Table 3. Species differences showing effects of supra-optimal growth temperatures on various foliar organic acids. Plants were grown for a minimum of three weeks with 28/20 or 36/28 °C growth temperatures. Sampled leaves were analyzed by a GC-MS procedure and values in bold print within species differed at p ≤ 0.05.
CompoundZea MaysCapsicum AnnumPhaseolus Vulgaris
28/20 °C36/28 °C28/20 °C36/28 °C28/20 °C36/28 °C
μg g−1 DW
Maleic1411795184327729789
Malic988613612729211090375709850
Adipic17913350404323205172
Quinic104217332338054019
2-OxoglutaricNDNDNDND5637
Aconitic390753698463635423
Shikimic100882720219586102
Citric11899047539121331204311682
Malonic55569445836991329
Glyceric289829812833221126671912
Fumaric3256283328849
Succinic839569100403144

4. Discussion

Organic acids perform vital functions in respiratory, photorespiratory and photosynthetic metabolism, and these compounds are normally synthesized from the oxidation of soluble sugars and lipids [18,19]. Organic acids serve as substrates for amino acid and secondary product formation and also shuttle protons among subcellular compartments to manage energy balance and cellular pH. A number of important organic acids function in the TCA cycle, which performs a central role in oxidative cellular metabolism. Abiotic stress greatly affects levels of specific soluble carbohydrates and amino acids in plant tissues that normally function as osmolytes, compatible solutes and as scavengers for reactive oxygen species [1,2,3]. In comparison, for the above compounds, much less is known about the role of organic acids in responding to abiotic stress.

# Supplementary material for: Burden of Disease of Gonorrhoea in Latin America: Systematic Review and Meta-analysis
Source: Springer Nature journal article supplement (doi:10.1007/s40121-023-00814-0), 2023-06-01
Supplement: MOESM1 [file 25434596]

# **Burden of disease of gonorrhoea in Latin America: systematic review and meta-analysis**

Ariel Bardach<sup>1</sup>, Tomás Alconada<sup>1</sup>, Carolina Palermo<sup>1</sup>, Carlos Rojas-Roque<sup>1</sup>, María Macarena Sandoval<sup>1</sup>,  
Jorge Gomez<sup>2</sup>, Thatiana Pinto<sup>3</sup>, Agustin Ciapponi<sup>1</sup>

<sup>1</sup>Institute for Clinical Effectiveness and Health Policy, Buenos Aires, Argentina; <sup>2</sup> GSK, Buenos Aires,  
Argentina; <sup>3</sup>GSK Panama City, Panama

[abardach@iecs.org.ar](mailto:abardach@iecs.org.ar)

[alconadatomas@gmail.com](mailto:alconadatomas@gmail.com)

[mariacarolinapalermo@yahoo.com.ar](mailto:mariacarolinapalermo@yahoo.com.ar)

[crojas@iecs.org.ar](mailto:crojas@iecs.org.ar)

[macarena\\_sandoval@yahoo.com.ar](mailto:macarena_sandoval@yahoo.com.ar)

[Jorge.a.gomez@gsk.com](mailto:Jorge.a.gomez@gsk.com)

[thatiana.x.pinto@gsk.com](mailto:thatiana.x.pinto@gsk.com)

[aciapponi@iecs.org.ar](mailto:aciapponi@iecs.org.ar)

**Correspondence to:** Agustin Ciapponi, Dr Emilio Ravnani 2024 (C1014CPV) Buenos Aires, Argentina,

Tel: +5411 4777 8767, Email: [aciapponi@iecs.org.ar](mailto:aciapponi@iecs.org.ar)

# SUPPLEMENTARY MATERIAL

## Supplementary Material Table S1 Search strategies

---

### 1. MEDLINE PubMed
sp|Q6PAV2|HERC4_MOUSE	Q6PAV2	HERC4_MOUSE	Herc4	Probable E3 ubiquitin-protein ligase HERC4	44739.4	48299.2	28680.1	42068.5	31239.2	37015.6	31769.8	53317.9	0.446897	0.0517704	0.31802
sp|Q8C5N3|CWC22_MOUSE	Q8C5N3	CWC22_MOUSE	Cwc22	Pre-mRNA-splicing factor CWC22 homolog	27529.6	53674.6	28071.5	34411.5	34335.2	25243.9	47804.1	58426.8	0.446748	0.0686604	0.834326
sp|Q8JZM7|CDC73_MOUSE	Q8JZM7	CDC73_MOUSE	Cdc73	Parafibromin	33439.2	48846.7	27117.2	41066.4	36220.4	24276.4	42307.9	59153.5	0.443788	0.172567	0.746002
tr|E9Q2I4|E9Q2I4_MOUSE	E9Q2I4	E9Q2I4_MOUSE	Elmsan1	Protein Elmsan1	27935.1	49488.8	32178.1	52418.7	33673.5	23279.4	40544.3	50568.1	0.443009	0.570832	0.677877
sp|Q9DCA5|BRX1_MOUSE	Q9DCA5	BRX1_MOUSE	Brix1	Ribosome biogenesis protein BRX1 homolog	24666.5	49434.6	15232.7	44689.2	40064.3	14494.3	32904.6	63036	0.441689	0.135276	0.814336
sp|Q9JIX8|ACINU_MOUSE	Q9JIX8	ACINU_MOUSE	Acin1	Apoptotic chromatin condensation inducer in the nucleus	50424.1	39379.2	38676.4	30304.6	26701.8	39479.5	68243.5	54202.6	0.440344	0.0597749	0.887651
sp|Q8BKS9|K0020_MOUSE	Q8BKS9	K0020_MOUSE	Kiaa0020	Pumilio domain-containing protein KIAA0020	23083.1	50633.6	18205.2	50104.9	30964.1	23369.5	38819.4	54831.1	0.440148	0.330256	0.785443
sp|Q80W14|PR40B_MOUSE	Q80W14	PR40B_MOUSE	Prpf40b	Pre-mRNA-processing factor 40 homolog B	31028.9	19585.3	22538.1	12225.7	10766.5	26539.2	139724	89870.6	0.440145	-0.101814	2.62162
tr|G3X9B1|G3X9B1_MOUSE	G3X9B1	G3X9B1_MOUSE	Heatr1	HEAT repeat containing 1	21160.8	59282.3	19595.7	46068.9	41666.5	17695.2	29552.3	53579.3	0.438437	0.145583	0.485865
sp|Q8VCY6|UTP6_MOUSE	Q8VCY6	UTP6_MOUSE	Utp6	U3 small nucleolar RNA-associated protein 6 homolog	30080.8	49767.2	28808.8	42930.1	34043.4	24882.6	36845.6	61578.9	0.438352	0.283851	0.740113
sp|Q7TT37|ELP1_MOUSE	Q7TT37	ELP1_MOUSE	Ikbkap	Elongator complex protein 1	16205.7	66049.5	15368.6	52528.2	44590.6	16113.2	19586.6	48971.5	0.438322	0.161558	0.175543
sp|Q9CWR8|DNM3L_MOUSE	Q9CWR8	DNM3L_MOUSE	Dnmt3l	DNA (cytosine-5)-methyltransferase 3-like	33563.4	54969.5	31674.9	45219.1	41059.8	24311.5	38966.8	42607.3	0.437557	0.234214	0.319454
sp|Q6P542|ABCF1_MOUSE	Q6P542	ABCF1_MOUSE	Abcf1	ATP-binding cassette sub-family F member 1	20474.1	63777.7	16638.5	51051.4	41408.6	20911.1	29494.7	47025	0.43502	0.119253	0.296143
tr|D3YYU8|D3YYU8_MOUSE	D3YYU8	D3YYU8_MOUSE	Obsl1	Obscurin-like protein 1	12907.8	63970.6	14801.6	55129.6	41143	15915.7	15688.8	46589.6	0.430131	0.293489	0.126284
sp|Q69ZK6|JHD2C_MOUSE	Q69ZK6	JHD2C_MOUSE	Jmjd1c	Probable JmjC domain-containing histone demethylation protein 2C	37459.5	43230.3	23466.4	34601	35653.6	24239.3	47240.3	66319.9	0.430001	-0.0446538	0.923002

In a previous study, supra-optimal growth temperatures drastically reduced concentrations of specific TCA cycle components (p ≤ 0.05) in soybean leaflets [11]. This finding was confirmed in the present study and, in addition, this process was only partially reversed 3 d after soybean plants in the ambient CO2 treatment were transferred from higher to lower growth temperatures. Similar conclusions applied to the reverse experiment in which plants were transferred from the lower to higher growth temperature. In almost every instance, a shift from lower to higher temperature brought about a slightly more rapid and larger decrease in foliar organic acid content than the reverse temperature shift. This result emphasized the continuing impact of elevated growth temperatures on organic acid levels after high temperature treatments ended. Note that in our prior study [11], single leaf rates of PN were increased by 20% when plants were grown using the 36/28 compared to the 28/20 °C growth temperature treatment. Consequently, decreased organic acid levels in soybean leaflets in response to elevated growth temperatures and with ambient CO2 were not likely the result of a temperature inhibition of PN. Note that organic acid levels in leaves would be expected to change within less than 1 d if the effects of enhanced growth temperatures were solely attributable to an inhibition of PN. Therefore, it is likely that the synthesis of TCA cycle intermediates was impaired in soybean plants treated with elevated growth temperatures.